The U.S. has one of the highest fire death rates in the industrialized world. For 1998, the U.S. fire death rate was 14.9 deaths per million population.
Between 1994 and 1998, an average of 4,400 Americans lost their lives and another 25,100 were injured annually as the result of fire.
About 100 firefighters are killed each year in duty-related incidents.
Each year, fire kills more Americans than all natural disasters combined.
Fire is the third leading cause of accidental death in the home; at least 80 percent of all fire deaths occur in residences.
About 2 million fires are reported each year. Many others go unreported, causing additional injuries and property loss.
Direct property loss due to fires is estimated at $8.6 billion annually.
Where Fires Occur
There were 1,755,000 fires in the United States in 1998. Of these:
41% were Outside Fires
29% were Structure Fires
22% were Vehicle Fires
8 % were fires of other types
Residential fires represent 22 percent of all fires and 74 percent of structure fires.
Fires in 1-2 family dwellings most often start in the:
Living Room 7.9%
Laundry Area 4.7%
Apartment fires most often start in the:
Living Room 6.2%
Laundry Area 3.3%
The South has the highest fire death rate per-capita with 18.4 civilian deaths per million population.
80 percent of all fatalities occur in the home. Of those, approximately 85 percent occur in single-family homes and duplexes.
Causes of Fires and Fire Deaths
Cooking is the leading cause of home fires in the U.S. It is also the leading cause of home fire injuries. Cooking fires often result from unattended cooking and human error, rather than mechanical failure of stoves or ovens.
Careless smoking is the leading cause of fire deaths. Smoke alarms and smolder-resistant bedding and upholstered furniture are significant fire deterrents.
Heating is the second leading cause of residential fires and the second leading cause of fire deaths. However, heating fires are a larger problem in single family homes than in apartments. Unlike apartments, the heating systems in single family homes are often not professionally maintained.
Arson is both the third leading cause of residential fires and residential fire deaths. In commercial properties, arson is the major cause of deaths, injuries and dollar loss.
Who is Most at Risk
Senior citizens age 70 and over and children under the age of 5 have the greatest risk of fire death.
The fire death risk among seniors is more than double the average population.
The fire death risk for children under age 5 is nearly double the risk of the average population.
Children under the age of 10 accounted for an estimated 17 percent of all fire deaths in 1996.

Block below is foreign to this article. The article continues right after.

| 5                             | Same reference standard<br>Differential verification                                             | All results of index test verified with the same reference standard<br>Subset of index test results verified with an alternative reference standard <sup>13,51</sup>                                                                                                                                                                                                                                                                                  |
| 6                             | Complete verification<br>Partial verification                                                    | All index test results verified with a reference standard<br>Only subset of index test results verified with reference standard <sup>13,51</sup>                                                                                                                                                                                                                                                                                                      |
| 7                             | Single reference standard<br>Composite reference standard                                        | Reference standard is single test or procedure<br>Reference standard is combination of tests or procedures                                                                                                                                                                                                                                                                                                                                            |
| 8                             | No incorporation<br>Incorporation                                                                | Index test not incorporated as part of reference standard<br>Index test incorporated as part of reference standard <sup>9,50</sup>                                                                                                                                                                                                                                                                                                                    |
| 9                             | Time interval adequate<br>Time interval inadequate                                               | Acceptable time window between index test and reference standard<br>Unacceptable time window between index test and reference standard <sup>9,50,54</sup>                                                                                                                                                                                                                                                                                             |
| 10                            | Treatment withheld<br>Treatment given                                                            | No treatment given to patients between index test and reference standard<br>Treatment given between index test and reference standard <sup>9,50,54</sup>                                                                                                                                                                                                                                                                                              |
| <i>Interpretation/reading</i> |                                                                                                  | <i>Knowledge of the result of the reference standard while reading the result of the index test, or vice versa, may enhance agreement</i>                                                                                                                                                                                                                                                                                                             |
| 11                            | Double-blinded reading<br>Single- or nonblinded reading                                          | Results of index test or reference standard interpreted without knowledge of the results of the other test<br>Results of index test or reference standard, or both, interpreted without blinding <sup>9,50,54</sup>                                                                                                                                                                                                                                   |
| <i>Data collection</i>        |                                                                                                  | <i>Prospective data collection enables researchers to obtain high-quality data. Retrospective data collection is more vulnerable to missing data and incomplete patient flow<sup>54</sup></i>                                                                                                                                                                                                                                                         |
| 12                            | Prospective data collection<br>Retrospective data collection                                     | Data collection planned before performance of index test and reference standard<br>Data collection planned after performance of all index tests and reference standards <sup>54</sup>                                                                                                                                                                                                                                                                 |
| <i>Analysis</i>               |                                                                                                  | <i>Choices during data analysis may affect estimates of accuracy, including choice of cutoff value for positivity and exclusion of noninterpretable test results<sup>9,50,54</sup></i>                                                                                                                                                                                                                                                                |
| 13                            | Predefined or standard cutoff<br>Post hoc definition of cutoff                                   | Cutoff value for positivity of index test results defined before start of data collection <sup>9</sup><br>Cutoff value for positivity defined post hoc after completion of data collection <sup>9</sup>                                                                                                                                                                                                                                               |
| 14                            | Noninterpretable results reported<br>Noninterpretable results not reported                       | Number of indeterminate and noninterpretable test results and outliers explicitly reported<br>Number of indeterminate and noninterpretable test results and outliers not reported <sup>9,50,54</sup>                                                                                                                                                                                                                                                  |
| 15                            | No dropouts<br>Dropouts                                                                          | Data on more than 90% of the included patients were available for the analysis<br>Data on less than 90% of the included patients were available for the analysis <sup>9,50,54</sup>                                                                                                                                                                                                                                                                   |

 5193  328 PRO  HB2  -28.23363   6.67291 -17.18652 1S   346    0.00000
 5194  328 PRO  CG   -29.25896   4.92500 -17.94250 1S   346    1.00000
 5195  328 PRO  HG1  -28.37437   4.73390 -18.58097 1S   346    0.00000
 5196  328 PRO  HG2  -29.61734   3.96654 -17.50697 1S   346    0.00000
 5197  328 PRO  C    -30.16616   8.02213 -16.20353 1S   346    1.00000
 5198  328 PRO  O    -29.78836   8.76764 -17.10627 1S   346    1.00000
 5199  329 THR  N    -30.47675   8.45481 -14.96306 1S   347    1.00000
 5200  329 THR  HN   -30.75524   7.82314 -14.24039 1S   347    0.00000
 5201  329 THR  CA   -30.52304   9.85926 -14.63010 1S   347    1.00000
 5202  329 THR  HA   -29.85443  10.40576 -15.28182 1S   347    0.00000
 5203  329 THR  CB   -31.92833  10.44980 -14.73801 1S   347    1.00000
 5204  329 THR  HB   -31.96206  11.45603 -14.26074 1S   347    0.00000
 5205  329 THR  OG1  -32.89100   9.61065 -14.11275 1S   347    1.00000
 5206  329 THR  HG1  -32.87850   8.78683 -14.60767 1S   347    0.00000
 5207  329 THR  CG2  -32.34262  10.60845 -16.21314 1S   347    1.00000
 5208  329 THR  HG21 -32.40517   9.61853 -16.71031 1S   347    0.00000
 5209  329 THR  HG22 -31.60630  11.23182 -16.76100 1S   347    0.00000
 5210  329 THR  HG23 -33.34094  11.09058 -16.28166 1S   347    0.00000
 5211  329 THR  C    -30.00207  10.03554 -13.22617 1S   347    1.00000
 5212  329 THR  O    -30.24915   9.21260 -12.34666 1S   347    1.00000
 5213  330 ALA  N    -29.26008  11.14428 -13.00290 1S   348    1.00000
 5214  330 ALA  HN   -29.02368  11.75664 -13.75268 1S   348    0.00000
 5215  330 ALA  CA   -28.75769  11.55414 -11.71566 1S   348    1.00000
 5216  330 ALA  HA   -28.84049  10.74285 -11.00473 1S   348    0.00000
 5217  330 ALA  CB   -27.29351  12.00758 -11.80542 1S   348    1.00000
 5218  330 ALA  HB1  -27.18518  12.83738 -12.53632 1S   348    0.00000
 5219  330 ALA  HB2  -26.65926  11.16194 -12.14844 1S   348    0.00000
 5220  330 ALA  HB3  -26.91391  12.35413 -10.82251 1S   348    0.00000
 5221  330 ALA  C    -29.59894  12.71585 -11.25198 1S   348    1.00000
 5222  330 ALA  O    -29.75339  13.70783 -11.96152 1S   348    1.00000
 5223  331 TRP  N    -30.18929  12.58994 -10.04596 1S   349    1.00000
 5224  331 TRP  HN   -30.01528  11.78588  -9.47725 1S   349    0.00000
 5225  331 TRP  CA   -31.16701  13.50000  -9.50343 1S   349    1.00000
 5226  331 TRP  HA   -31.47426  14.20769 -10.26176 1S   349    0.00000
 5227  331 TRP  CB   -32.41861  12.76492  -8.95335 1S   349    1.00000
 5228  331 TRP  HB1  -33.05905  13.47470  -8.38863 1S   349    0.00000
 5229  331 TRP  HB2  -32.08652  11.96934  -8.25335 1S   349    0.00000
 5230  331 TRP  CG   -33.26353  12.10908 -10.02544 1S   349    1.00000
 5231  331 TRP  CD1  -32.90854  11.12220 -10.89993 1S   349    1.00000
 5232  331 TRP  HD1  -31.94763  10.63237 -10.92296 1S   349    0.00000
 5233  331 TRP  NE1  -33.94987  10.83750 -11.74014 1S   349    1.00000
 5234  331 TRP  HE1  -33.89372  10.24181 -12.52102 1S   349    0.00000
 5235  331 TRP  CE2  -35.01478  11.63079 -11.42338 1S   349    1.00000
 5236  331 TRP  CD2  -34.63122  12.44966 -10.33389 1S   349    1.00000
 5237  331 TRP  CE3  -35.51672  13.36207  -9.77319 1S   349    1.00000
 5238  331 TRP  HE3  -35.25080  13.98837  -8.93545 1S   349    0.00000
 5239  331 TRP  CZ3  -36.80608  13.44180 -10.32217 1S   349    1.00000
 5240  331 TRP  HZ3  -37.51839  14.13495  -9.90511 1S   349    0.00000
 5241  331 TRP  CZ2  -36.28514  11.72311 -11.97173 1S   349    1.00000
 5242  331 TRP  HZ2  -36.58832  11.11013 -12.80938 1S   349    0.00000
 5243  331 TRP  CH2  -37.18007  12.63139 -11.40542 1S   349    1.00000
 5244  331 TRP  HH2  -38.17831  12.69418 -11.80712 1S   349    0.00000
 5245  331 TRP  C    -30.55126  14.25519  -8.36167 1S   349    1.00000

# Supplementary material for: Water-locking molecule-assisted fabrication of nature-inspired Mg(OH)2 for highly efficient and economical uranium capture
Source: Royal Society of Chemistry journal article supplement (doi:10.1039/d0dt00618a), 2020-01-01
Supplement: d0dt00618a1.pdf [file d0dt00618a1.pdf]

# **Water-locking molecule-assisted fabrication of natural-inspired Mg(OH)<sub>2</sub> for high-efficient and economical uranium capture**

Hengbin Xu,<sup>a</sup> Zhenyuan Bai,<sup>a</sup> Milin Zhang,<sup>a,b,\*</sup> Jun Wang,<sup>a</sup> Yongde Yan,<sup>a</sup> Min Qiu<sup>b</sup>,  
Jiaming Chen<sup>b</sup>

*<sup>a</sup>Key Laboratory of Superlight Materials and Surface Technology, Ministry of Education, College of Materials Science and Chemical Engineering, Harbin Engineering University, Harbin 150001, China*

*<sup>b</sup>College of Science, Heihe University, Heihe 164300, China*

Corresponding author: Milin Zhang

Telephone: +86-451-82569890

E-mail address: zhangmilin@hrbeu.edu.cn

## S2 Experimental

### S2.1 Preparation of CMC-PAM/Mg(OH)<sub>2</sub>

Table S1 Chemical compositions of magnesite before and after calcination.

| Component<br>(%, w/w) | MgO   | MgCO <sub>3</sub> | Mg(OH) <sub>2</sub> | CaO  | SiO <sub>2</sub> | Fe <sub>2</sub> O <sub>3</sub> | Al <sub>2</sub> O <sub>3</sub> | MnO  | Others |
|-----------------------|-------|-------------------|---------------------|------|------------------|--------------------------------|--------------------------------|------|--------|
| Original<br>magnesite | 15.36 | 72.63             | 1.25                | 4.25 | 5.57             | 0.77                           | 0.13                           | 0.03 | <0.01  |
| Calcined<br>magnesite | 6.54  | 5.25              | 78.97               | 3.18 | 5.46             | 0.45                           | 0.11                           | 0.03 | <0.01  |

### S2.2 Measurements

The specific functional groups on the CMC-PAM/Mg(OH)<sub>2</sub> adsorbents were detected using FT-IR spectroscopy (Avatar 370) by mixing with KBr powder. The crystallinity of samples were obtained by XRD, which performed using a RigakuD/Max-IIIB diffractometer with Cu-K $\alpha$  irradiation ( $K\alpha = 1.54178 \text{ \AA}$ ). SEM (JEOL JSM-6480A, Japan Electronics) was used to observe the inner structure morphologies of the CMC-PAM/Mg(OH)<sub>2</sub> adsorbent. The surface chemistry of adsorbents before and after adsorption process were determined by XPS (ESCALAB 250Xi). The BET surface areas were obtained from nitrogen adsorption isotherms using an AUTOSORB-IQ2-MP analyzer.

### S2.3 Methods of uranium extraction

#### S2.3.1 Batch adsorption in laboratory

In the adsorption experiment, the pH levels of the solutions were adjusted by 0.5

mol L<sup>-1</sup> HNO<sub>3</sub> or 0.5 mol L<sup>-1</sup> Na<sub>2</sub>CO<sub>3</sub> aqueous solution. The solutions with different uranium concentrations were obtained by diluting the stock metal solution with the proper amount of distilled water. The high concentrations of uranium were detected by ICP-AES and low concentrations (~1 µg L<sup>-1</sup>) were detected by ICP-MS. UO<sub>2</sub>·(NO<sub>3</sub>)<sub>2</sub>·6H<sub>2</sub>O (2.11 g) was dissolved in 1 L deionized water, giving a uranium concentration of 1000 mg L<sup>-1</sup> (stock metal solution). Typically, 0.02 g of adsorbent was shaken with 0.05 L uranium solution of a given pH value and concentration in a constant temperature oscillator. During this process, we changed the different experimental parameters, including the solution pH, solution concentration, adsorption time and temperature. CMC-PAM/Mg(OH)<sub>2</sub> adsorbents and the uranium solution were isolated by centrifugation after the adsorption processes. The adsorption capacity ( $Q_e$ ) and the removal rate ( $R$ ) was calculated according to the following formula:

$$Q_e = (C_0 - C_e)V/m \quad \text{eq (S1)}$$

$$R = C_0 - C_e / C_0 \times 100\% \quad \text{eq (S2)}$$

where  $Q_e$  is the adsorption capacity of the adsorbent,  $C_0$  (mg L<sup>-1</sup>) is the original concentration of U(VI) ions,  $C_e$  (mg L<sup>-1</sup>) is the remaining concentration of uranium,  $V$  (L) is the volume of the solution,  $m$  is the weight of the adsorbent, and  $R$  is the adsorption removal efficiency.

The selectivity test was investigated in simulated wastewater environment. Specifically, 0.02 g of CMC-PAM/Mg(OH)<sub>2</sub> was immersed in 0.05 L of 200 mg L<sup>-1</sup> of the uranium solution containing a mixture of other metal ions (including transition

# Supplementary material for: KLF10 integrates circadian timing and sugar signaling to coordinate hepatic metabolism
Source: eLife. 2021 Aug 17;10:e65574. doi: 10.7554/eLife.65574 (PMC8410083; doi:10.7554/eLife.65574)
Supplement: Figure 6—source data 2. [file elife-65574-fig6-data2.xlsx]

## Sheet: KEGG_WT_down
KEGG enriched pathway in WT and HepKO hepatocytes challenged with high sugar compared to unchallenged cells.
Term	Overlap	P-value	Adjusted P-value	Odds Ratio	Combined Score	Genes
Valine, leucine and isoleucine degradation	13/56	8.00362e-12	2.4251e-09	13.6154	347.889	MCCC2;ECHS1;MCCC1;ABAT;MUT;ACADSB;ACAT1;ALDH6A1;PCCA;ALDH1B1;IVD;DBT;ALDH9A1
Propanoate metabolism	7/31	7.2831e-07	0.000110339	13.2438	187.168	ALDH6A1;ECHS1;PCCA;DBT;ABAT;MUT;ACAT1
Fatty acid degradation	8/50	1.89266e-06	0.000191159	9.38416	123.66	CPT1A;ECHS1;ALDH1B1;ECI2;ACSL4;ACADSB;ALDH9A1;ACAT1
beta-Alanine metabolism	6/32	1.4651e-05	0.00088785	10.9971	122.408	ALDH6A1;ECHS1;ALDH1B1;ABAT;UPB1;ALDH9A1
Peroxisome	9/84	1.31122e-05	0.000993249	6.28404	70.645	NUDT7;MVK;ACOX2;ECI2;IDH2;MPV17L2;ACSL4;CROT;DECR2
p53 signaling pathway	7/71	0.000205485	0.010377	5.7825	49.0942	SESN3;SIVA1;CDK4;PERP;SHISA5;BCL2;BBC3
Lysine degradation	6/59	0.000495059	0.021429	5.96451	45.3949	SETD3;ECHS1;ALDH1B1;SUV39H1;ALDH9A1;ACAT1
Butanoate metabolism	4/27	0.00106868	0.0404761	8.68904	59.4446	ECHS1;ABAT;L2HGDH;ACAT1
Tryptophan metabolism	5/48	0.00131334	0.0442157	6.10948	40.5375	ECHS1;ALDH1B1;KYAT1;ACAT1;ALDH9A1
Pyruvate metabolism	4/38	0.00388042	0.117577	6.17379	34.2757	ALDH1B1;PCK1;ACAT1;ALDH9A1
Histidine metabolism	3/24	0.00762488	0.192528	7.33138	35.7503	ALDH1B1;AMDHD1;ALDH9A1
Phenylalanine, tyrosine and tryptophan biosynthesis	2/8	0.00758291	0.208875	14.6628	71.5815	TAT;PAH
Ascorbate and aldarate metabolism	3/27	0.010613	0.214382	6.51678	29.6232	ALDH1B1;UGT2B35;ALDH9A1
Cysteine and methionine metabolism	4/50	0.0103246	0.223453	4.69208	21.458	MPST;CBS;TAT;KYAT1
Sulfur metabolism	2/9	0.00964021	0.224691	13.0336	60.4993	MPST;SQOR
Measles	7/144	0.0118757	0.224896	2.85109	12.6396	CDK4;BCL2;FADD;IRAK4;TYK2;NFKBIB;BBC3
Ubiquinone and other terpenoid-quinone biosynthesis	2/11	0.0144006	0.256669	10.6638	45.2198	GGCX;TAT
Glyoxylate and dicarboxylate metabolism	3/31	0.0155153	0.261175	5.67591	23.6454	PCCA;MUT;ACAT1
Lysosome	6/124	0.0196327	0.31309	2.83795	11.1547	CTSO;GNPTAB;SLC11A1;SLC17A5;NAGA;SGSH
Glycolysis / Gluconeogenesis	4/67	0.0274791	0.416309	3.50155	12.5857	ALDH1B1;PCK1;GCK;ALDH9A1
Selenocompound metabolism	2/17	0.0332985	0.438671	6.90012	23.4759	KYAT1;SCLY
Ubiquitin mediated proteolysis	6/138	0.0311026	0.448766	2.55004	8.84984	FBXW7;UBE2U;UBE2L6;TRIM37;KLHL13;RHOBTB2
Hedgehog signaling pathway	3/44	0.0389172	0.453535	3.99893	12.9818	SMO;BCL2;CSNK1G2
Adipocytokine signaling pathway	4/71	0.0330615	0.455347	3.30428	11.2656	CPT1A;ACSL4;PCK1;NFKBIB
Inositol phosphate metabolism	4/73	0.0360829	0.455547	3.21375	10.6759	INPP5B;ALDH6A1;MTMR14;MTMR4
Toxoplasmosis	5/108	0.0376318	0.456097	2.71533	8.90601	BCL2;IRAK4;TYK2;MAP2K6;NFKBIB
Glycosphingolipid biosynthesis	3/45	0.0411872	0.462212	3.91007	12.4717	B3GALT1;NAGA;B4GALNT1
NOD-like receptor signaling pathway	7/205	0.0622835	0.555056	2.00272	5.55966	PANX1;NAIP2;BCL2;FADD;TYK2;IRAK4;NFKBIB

Men die or are injured in fires almost twice as often as women.
African Americans and American Indians have significantly higher death rates per capita than the national average.
Although African Americans comprise 13 percent of the population, they account for 26 percent of fire deaths.
What Saves Lives
A working smoke alarm dramatically increases a person’s chance of surviving a fire.
Approximately 88 percent of U.S. homes have at least one smoke alarm. However, these alarms are not always properly maintained and as a result might not work in an emergency. There has been a disturbing increase over the last ten years in the number of fires that occur in homes with non-functioning alarms.
It is estimated that over 40 percent of residential fires and three-fifths of residential fatalities occur in homes with no smoke alarms.
Residential sprinklers have become more cost effective for homes. Currently, few homes are protected by them.
Did you know?
Eighty percent of all fire deaths occur in the home.
Cooking is the leading cause of home fires in the U.S. It is also the leading cause of fire injuries.
Deaths due to fires caused by cooking are particularly avoidable.
Having a working smoke alarm more than doubles one’s chances of surviving a fire.
Following these simple fire safety tips can boost survival rates dramatically.
Cooking Fires Life-Saving Tips
Never leave cooking unattended. A serious fire can start in just seconds.
Always wear short, tight-fitting sleeves when cooking.
Turn pot handles inward to avoid spills. Always use a potholder when reaching for handles.
Keep towels, pot holders and curtains away from flames and hot surfaces.
Clean cooking surfaces regularly to prevent grease buildup which can ignite.
If a fire breaks out while cooking, put a lid on the pan to smother it. You may also use baking soda. Never throw water on a grease fire.
Heat oil gradually to avoid burns from spattering grease. Use extra caution when preparing deep-fried foods.
Place a rubber mat on the floor in front of your stove to give you added traction in case liquids or grease spill.
Never use the range or oven to heat your home. In addition to being a fire hazard, toxic fumes may leak into your home.
Double-check the kitchen before you go to bed or leave the house. Make sure all other appliances are turned off.